There has to be a reason to compel anyone to listen to any radio programming. Playing the same songs every other day is not a compelling reason to listen nor are promos constantly screaming at us how great their format is supposed to be. That actually becomes an annoyance and a tune-out factor.
“Oh… we have to be told why we must ‘LIKE’ this programming?” Whether they’re playing music we grew up with or not, the soundtrack of our lives was actually thousands of songs…and not a few hundred, or a few dozen.
I would like to think lowering the content quality was one of the factors that encouraged Dick Purtan to retire when he did, rather than try to stretch his career to the full 50 years.
Further, the commercials are of course, the lifeblood of commercial radio and television, but the way they are presented – in blocks, rather than being made a part of the program itself – is another tune-out factor.
When ever a talent says “I’ll be back after these words,” they are inviting the listeners to GO AWAY. The air talent isn’t actually going anywhere, but he is essentially apologizing to the listeners for interrupting the flow.
It’s like talent saying: “If you wanna waste your time, listen to this crap our Production Director cut for us the other day – go check on traffic on another station if ya want – as for me, I’m gonna go get a snack and use the restroom.”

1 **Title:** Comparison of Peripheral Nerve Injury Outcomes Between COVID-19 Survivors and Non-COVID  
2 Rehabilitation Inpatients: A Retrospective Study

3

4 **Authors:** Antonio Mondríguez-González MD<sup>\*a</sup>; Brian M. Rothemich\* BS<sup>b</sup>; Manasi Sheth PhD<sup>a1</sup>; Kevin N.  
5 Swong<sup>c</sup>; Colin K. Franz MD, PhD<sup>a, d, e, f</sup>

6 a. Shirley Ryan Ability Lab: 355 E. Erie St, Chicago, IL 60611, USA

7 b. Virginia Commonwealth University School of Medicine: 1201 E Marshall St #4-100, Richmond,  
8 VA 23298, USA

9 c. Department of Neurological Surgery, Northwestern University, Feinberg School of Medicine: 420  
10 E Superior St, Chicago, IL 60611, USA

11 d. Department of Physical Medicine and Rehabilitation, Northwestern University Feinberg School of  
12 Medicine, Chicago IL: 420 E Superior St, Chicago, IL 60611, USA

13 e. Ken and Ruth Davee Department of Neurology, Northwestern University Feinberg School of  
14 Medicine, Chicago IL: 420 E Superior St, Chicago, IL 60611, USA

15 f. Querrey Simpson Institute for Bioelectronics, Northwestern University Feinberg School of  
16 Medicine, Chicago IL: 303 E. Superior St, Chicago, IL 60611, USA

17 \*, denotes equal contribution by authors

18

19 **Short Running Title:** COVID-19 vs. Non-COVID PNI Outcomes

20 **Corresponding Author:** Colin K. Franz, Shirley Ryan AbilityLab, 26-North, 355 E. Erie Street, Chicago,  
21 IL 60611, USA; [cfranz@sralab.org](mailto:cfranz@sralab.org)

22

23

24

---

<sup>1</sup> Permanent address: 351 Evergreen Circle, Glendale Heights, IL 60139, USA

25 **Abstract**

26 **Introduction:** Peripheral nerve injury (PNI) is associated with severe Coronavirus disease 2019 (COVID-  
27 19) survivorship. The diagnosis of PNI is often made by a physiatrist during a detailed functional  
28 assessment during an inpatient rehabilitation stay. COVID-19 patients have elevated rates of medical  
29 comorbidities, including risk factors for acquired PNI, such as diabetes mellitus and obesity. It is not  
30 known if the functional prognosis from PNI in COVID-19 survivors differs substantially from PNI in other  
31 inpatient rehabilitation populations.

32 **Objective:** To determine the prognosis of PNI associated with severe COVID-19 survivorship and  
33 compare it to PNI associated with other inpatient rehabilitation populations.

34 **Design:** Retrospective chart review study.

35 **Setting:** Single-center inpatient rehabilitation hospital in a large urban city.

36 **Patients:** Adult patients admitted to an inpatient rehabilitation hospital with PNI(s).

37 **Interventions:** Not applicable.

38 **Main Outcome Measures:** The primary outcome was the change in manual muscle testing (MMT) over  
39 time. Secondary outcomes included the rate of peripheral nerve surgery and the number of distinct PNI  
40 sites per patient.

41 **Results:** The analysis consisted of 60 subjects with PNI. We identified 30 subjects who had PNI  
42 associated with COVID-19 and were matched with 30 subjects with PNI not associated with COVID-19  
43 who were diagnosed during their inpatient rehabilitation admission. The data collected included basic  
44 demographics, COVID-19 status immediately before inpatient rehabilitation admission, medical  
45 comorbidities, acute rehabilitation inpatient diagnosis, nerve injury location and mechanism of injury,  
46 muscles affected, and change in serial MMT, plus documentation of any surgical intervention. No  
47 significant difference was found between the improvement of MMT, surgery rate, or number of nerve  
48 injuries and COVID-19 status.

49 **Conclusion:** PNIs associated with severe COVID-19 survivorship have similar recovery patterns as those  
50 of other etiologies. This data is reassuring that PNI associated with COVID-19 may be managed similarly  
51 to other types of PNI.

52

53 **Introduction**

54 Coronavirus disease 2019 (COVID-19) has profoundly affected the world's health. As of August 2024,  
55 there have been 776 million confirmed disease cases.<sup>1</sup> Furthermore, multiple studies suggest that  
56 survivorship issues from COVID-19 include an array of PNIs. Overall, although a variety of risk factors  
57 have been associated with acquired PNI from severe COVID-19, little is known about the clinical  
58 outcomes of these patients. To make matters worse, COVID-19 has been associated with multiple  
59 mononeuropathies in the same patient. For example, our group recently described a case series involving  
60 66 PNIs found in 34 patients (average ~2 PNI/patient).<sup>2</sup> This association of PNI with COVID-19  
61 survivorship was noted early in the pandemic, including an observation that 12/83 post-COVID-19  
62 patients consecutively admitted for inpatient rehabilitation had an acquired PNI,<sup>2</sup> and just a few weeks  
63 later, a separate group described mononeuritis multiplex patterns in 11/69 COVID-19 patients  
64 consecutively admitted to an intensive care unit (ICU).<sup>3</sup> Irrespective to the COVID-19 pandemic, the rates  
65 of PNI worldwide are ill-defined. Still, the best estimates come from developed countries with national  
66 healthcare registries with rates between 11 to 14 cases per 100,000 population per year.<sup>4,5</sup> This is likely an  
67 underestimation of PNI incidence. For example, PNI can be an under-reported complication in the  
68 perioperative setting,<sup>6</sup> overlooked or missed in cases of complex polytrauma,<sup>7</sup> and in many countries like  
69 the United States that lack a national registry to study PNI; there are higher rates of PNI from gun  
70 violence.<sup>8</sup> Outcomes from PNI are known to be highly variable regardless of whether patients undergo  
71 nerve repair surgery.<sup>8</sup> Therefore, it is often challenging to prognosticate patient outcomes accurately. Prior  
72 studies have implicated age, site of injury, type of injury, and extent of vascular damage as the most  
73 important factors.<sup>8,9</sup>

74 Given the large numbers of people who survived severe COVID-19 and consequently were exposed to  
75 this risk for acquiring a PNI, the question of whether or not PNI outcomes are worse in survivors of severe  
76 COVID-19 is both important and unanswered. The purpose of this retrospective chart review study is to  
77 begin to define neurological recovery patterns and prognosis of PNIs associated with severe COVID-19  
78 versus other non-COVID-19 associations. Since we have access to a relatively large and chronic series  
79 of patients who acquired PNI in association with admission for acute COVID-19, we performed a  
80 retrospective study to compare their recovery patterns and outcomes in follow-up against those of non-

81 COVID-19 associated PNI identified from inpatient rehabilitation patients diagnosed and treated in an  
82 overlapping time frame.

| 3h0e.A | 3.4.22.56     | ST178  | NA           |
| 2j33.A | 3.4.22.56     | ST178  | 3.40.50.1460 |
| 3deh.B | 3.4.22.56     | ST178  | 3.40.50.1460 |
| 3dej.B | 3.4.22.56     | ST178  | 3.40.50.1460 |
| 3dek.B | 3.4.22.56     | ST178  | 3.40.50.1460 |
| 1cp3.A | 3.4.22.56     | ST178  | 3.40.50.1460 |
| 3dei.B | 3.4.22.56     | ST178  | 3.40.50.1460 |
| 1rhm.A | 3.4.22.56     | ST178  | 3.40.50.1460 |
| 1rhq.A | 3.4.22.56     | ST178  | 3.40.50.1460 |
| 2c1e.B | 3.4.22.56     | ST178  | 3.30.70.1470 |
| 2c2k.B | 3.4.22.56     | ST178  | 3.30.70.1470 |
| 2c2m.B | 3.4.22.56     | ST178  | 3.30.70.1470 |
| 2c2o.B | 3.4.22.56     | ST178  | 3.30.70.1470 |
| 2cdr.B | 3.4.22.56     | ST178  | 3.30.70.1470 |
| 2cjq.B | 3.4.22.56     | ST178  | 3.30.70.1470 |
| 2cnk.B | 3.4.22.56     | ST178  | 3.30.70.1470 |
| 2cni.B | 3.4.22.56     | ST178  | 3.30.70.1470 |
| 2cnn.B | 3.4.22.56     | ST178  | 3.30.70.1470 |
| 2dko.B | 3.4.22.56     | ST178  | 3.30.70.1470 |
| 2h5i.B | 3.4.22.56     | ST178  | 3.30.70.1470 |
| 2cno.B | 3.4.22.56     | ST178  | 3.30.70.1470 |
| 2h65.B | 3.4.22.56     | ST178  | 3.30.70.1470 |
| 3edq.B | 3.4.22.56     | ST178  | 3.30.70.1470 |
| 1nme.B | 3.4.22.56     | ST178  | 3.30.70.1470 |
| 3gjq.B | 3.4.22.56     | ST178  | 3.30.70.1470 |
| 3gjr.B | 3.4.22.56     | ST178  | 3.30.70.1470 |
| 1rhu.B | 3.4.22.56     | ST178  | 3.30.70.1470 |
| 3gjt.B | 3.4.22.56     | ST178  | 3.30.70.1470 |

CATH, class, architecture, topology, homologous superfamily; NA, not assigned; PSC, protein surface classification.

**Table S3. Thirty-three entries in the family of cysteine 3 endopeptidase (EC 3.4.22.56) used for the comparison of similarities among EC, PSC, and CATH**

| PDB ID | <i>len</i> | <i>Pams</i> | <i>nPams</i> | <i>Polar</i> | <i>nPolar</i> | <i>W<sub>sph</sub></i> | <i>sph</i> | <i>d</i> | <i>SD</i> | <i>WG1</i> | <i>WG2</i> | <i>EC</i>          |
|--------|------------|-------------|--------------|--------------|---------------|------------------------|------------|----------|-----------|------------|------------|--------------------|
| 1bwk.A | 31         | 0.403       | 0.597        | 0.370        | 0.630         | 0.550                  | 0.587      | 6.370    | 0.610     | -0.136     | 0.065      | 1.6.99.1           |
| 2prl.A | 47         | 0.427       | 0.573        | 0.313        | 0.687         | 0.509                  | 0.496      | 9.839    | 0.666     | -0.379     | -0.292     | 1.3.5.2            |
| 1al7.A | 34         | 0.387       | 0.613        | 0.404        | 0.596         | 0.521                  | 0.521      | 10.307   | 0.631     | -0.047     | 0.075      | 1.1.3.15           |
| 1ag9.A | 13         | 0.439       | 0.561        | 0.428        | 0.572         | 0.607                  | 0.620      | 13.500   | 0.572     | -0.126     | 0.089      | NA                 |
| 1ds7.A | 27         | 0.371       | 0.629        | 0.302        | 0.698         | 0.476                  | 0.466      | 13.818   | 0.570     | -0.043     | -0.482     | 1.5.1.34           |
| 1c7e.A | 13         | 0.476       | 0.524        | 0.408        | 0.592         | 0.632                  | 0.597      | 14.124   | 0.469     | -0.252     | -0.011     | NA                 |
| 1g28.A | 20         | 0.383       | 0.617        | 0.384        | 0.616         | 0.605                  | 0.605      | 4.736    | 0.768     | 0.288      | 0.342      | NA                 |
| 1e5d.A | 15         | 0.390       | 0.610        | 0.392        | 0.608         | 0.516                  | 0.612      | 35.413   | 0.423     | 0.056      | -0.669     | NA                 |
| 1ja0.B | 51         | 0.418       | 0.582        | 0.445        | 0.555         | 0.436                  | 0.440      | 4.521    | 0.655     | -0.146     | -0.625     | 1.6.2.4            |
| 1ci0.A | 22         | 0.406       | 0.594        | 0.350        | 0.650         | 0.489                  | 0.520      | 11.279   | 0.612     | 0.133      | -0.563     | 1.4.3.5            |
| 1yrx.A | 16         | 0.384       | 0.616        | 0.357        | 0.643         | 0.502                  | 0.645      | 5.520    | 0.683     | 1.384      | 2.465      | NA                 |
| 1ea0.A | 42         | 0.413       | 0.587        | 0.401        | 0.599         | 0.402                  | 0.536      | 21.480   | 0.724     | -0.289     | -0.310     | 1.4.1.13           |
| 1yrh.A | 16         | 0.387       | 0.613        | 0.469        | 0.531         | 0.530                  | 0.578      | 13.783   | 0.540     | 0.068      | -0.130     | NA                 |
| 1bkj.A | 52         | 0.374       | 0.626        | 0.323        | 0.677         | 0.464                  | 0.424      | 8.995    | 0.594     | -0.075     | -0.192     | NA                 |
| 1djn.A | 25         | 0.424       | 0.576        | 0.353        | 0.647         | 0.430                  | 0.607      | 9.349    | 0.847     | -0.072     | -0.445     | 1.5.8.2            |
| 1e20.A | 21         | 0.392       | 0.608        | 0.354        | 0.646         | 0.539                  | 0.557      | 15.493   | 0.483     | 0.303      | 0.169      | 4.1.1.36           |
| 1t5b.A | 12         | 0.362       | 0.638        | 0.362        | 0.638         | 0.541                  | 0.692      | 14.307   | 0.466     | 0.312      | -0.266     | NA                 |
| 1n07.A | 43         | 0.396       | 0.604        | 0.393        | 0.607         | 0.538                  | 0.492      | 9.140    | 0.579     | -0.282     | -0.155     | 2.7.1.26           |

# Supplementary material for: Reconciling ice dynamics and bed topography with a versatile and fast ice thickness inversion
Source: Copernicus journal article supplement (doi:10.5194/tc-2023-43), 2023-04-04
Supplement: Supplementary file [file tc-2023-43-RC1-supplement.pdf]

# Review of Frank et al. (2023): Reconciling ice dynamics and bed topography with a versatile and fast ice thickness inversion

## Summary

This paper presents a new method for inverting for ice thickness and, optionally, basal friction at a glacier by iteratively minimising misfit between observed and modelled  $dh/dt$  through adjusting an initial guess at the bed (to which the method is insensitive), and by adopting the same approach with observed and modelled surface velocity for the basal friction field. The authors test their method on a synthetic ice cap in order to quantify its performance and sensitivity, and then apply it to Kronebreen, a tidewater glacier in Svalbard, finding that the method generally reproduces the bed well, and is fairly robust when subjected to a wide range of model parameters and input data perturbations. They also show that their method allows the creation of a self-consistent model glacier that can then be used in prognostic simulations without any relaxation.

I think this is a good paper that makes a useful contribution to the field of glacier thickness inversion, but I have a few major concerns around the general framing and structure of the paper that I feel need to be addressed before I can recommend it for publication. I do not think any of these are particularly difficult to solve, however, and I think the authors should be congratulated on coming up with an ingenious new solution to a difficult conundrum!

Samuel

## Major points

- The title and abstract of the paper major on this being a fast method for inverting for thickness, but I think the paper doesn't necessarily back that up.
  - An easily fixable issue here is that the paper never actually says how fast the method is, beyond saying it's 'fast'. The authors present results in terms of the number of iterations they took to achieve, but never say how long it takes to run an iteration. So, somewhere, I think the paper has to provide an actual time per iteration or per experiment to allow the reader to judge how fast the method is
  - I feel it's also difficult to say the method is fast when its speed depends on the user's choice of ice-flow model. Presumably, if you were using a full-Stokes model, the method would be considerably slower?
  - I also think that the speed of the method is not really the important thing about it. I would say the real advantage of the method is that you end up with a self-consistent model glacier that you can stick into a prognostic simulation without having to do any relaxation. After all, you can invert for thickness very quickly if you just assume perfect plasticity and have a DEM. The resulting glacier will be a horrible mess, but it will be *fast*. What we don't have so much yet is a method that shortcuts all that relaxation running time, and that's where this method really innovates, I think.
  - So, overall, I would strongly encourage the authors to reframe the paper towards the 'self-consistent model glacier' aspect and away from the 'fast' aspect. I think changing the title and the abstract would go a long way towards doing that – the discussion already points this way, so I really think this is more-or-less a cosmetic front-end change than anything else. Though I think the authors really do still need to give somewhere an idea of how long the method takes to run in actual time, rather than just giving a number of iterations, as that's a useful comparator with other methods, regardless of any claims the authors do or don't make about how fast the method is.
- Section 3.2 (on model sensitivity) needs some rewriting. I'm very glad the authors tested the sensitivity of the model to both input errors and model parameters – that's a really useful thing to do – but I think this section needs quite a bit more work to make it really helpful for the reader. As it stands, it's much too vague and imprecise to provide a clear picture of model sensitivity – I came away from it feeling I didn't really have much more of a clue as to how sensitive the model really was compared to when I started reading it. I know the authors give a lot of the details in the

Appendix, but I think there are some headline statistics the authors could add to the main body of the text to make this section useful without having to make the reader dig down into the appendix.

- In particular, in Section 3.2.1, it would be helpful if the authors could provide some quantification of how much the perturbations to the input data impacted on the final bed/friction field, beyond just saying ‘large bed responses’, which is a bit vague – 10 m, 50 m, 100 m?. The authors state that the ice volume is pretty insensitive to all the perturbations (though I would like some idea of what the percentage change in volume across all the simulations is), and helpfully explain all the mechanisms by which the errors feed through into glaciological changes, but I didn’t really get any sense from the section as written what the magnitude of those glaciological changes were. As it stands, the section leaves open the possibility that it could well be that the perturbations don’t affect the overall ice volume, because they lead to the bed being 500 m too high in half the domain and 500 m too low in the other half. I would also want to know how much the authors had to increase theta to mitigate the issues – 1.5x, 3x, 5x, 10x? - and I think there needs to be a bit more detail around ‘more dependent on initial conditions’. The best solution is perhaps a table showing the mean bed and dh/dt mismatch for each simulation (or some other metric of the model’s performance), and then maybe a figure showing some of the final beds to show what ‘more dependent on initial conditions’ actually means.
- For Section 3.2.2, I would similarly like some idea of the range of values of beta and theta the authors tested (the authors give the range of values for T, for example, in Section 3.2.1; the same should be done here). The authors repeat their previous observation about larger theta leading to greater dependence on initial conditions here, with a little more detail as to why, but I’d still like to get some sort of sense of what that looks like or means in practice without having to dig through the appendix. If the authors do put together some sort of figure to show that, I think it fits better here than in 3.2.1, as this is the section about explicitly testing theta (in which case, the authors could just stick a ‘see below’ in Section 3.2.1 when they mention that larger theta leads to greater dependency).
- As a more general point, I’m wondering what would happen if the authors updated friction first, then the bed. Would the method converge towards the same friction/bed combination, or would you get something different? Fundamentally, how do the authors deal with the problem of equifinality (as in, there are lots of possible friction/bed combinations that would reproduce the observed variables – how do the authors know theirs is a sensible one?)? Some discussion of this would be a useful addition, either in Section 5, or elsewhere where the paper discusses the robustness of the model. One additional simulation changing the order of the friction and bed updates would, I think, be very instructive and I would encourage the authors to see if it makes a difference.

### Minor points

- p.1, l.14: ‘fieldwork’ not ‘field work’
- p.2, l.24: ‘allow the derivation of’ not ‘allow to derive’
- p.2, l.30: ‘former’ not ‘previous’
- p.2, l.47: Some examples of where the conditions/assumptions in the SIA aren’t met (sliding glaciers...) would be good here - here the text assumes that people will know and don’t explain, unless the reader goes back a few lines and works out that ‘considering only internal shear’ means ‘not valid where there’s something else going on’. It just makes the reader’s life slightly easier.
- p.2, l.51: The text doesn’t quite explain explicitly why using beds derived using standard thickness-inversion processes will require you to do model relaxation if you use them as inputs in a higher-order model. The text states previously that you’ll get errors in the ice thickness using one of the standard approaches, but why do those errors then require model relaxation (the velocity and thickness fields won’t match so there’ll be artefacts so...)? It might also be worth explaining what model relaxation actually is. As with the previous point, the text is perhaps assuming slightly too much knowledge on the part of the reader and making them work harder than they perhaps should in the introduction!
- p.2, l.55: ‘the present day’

I would rather hear any talent rapping about a product, somewhat extemporaneously, rather than a pre-canned, over-produced spot, sandwiched between ten others.
Of course, the people who were programming geniuses when I was on the air and taught me the mindset of what makes great radio are no longer part of the industry for the most part. They got too expensive, then got old and simply didn’t want the hassle.
I’ll be the first to admit the industry changed and simply couldn’t afford people like that.
Younger personnel who came along were answerable only to their Market Manager (most Market Managers came from strictly a sales background), corporate management, consultants, and bean-counters whose mindset was to operate as efficiently as possible.
Those who are in management with programming backgrounds have limited power as to what they can do with their stations. There’s also too much at risk with what stations net values are (and subsequent debts the owners are attempting to service).
Operating efficiently is good business practice, but radio is different. It’s an entertainment business, and not totally a mathematical formula. Taking the big picture into consideration, does it yield maximum listenership, a productive staff, and ultimately preserve a listener base (and revenue) for the long haul? Perhaps not any more.
I don’t claim to know everything there is to know, but pouring a lifetime into preserving the past, present and future of broadcasting I have more than a little common sense. It would be a plus if there were some assurances that there will even be an industry in the decades to come.
Or maybe the future is all-internet-radio all-the-time. That might not be so bad, actually!
Best wishes to Dick Purtan and family, and to Purtan’s People. Thanks for the laughs and memories. I DO “get it.”